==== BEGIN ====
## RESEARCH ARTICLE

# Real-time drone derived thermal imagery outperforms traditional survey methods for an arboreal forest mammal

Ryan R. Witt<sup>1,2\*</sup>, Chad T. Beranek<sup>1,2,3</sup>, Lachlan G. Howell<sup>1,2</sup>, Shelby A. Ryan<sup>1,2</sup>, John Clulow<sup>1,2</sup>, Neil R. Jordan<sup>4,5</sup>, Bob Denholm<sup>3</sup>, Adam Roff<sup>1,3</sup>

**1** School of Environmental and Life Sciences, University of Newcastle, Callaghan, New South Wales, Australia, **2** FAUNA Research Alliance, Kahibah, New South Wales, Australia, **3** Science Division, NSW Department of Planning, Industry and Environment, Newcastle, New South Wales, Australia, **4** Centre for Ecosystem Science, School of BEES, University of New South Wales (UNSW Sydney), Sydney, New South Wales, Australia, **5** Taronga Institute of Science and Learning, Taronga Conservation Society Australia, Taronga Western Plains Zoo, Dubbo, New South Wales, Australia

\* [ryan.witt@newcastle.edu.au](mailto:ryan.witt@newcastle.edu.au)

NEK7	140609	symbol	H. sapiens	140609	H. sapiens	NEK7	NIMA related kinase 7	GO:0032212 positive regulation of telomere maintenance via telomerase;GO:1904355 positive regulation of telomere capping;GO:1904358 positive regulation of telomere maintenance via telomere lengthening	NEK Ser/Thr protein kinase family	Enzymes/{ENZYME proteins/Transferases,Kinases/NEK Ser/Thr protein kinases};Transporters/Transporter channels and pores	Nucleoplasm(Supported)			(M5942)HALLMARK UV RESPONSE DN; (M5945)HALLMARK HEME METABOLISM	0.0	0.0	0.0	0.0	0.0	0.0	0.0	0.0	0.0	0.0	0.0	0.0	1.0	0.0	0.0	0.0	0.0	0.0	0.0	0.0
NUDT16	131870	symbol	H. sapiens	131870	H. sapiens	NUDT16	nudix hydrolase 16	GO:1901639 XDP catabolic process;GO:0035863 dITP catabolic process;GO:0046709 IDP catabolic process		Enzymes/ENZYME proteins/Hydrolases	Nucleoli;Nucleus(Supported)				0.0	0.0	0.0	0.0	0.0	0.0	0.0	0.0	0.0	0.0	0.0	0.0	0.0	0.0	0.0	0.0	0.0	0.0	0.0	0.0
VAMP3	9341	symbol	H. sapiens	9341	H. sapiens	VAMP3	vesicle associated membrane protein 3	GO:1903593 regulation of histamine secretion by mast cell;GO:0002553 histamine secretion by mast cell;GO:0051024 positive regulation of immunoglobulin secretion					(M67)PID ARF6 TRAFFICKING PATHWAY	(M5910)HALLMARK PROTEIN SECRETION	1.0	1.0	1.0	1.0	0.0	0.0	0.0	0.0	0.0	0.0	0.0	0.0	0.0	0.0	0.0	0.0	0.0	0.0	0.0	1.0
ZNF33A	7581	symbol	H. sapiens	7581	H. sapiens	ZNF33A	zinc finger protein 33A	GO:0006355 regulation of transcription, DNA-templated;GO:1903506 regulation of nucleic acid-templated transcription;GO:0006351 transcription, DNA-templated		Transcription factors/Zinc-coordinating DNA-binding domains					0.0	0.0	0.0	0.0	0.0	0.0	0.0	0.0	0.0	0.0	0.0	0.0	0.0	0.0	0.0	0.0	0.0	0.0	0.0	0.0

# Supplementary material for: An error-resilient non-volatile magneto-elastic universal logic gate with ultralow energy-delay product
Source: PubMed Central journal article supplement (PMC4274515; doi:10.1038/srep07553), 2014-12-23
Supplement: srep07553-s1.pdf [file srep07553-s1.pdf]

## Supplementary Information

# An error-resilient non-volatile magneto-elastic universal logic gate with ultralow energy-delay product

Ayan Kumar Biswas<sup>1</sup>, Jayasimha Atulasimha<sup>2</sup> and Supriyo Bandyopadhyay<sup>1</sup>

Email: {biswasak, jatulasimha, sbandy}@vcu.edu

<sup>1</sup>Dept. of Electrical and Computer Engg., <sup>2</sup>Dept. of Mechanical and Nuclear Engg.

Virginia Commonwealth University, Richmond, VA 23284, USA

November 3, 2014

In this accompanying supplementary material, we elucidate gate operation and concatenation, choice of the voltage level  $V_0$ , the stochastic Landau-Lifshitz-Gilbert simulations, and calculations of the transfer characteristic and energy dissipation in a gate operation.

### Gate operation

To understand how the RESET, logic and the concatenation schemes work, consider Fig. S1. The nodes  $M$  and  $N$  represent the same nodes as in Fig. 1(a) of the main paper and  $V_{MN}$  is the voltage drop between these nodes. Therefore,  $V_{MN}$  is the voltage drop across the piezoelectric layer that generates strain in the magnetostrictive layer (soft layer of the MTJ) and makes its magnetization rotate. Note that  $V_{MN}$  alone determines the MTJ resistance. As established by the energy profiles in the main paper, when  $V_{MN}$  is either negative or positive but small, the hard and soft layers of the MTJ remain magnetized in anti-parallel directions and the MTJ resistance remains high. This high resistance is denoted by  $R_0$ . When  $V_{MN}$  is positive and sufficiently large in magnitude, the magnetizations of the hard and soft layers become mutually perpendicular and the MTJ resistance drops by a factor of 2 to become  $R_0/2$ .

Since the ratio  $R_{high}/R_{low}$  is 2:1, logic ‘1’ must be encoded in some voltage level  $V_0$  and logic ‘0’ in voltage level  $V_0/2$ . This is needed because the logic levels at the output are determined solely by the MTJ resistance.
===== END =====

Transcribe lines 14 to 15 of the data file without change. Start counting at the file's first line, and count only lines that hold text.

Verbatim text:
# An error-resilient non-volatile magneto-elastic universal logic gate with ultralow energy-delay product

Ayan Kumar Biswas<sup>1</sup>, Jayasimha Atulasimha<sup>2</sup> and Supriyo Bandyopadhyay<sup>1</sup>